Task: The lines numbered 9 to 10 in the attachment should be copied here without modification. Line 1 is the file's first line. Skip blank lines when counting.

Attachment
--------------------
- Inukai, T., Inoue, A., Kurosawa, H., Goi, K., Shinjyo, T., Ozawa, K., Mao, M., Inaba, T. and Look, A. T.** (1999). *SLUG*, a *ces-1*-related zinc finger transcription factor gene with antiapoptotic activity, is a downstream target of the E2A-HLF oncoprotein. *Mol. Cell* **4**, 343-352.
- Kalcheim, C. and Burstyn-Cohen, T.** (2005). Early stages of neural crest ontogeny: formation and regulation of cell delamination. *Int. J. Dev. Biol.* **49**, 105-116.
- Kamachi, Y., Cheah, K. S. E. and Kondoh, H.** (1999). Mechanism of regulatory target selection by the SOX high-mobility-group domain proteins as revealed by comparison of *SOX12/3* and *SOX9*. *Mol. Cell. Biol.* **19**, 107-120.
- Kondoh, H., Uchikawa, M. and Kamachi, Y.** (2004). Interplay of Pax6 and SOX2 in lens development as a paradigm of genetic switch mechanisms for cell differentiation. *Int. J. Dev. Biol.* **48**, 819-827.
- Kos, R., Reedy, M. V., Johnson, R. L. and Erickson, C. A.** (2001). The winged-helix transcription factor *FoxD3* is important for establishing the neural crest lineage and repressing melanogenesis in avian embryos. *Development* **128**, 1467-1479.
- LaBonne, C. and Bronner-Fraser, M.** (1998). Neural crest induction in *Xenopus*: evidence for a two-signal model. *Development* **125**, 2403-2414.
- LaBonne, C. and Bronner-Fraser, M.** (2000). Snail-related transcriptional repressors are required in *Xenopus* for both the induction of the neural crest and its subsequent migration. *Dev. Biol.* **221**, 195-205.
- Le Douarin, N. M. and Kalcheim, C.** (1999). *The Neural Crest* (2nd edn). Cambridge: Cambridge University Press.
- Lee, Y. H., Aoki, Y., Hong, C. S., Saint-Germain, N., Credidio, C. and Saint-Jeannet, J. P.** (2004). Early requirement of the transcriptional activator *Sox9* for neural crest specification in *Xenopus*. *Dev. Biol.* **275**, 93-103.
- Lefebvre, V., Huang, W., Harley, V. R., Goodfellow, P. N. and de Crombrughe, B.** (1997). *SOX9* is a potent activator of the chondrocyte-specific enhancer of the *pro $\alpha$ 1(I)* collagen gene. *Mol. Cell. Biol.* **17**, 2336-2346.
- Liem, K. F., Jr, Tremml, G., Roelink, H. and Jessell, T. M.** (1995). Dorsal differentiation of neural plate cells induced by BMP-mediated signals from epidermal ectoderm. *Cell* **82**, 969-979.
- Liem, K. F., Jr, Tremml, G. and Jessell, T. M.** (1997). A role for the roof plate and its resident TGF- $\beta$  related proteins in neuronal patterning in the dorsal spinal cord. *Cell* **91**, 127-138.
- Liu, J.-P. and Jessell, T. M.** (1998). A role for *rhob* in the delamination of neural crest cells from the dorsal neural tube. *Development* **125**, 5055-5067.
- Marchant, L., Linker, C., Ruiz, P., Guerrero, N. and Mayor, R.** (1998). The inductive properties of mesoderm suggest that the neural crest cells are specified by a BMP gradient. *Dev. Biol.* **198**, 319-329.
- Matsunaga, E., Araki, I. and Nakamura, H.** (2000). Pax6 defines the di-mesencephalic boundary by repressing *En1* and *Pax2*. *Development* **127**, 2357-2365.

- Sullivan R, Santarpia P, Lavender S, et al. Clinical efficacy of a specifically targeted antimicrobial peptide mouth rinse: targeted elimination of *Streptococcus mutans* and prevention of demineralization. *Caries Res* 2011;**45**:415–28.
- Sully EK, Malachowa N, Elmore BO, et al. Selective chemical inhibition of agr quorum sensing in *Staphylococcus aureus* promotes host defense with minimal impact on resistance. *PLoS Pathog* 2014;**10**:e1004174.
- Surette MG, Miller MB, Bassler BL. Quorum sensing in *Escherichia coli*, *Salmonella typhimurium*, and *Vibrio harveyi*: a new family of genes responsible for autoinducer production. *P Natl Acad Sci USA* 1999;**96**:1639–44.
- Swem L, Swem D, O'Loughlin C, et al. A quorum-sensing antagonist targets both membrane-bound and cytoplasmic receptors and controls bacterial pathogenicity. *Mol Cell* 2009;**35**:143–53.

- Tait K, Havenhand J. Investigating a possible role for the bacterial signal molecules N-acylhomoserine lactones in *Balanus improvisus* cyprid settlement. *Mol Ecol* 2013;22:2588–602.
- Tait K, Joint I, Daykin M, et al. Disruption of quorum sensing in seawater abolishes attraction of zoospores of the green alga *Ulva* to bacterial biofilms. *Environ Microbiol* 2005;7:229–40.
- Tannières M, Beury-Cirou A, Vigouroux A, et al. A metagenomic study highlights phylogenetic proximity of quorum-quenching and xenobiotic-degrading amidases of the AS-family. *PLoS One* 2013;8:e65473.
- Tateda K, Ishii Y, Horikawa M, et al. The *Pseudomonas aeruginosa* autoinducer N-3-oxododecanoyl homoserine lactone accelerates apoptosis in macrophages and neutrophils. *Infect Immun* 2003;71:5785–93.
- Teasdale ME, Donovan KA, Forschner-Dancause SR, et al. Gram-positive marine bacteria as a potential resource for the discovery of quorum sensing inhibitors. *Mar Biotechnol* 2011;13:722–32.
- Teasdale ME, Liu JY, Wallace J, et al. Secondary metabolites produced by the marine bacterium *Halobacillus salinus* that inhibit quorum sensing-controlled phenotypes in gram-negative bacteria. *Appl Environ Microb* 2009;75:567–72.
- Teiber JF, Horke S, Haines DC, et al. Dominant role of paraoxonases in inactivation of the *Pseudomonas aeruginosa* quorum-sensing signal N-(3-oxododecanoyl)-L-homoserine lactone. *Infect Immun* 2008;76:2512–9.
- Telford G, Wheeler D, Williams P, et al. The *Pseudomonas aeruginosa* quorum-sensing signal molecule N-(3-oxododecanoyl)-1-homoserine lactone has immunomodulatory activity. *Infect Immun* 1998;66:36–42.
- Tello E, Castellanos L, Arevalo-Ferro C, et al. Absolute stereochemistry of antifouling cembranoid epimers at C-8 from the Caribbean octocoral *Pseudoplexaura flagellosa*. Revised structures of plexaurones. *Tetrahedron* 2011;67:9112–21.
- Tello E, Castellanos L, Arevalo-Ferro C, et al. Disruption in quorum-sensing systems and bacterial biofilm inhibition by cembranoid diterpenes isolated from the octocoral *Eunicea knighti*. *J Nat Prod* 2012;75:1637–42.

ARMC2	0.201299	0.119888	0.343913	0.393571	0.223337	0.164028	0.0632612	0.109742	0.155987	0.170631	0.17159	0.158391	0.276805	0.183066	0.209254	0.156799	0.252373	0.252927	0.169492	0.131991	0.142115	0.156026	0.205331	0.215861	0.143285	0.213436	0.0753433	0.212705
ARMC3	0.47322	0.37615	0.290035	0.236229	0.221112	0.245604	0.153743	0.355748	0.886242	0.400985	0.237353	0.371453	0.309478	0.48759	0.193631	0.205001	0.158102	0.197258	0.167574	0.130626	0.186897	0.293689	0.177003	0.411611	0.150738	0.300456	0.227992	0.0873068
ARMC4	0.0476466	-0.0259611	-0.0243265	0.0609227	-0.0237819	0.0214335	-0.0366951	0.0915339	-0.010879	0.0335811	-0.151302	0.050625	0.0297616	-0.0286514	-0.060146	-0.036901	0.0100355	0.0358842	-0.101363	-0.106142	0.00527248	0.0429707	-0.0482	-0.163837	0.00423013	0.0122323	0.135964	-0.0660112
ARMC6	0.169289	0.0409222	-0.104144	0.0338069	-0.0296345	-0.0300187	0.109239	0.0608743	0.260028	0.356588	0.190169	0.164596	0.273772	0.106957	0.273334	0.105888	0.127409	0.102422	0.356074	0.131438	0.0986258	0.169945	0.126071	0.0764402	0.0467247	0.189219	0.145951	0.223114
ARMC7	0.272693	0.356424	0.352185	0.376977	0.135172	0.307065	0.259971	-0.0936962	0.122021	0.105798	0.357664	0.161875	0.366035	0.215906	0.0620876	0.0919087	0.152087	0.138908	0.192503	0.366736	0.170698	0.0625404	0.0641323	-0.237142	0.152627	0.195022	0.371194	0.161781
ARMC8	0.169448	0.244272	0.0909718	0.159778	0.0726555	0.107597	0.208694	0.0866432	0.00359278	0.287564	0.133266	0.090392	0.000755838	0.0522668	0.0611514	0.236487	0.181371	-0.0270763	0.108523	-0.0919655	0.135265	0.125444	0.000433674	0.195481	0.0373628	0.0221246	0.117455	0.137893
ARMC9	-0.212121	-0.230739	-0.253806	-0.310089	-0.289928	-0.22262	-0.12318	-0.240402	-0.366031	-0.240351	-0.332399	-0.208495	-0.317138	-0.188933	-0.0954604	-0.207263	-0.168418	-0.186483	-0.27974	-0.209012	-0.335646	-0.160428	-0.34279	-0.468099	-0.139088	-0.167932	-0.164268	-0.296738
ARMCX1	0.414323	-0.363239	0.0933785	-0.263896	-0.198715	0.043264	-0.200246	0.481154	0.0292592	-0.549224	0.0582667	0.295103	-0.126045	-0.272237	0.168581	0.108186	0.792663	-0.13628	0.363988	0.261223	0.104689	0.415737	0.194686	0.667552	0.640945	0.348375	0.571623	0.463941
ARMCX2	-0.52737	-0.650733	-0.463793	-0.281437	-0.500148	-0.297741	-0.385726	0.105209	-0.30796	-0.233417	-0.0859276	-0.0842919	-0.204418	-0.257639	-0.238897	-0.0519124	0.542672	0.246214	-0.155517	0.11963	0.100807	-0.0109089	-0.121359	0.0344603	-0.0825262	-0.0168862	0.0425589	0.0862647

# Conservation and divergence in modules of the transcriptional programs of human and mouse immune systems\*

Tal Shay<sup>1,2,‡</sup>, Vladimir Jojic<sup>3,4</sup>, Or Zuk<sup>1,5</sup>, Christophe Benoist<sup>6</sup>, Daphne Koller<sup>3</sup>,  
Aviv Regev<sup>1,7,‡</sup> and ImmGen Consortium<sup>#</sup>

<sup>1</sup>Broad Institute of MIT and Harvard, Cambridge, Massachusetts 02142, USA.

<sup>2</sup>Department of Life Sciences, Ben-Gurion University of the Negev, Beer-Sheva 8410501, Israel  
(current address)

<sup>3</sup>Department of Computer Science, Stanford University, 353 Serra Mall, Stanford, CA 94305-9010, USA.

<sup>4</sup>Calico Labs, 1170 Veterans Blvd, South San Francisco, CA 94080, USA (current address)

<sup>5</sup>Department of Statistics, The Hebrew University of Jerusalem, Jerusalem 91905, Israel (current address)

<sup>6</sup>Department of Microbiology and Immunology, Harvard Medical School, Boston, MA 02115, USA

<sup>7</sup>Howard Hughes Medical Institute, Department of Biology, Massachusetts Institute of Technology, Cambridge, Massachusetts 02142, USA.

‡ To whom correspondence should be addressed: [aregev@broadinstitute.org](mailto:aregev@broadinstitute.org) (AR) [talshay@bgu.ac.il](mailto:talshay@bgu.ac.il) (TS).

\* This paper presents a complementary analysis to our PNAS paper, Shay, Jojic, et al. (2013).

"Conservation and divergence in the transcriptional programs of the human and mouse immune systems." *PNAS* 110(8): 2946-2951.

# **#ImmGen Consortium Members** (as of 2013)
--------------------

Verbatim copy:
- Lee, Y. H., Aoki, Y., Hong, C. S., Saint-Germain, N., Credidio, C. and Saint-Jeannet, J. P.** (2004). Early requirement of the transcriptional activator *Sox9* for neural crest specification in *Xenopus*. *Dev. Biol.* **275**, 93-103.
- Lefebvre, V., Huang, W., Harley, V. R., Goodfellow, P. N. and de Crombrughe, B.** (1997). *SOX9* is a potent activator of the chondrocyte-specific enhancer of the *pro $\alpha$ 1(I)* collagen gene. *Mol. Cell. Biol.* **17**, 2336-2346.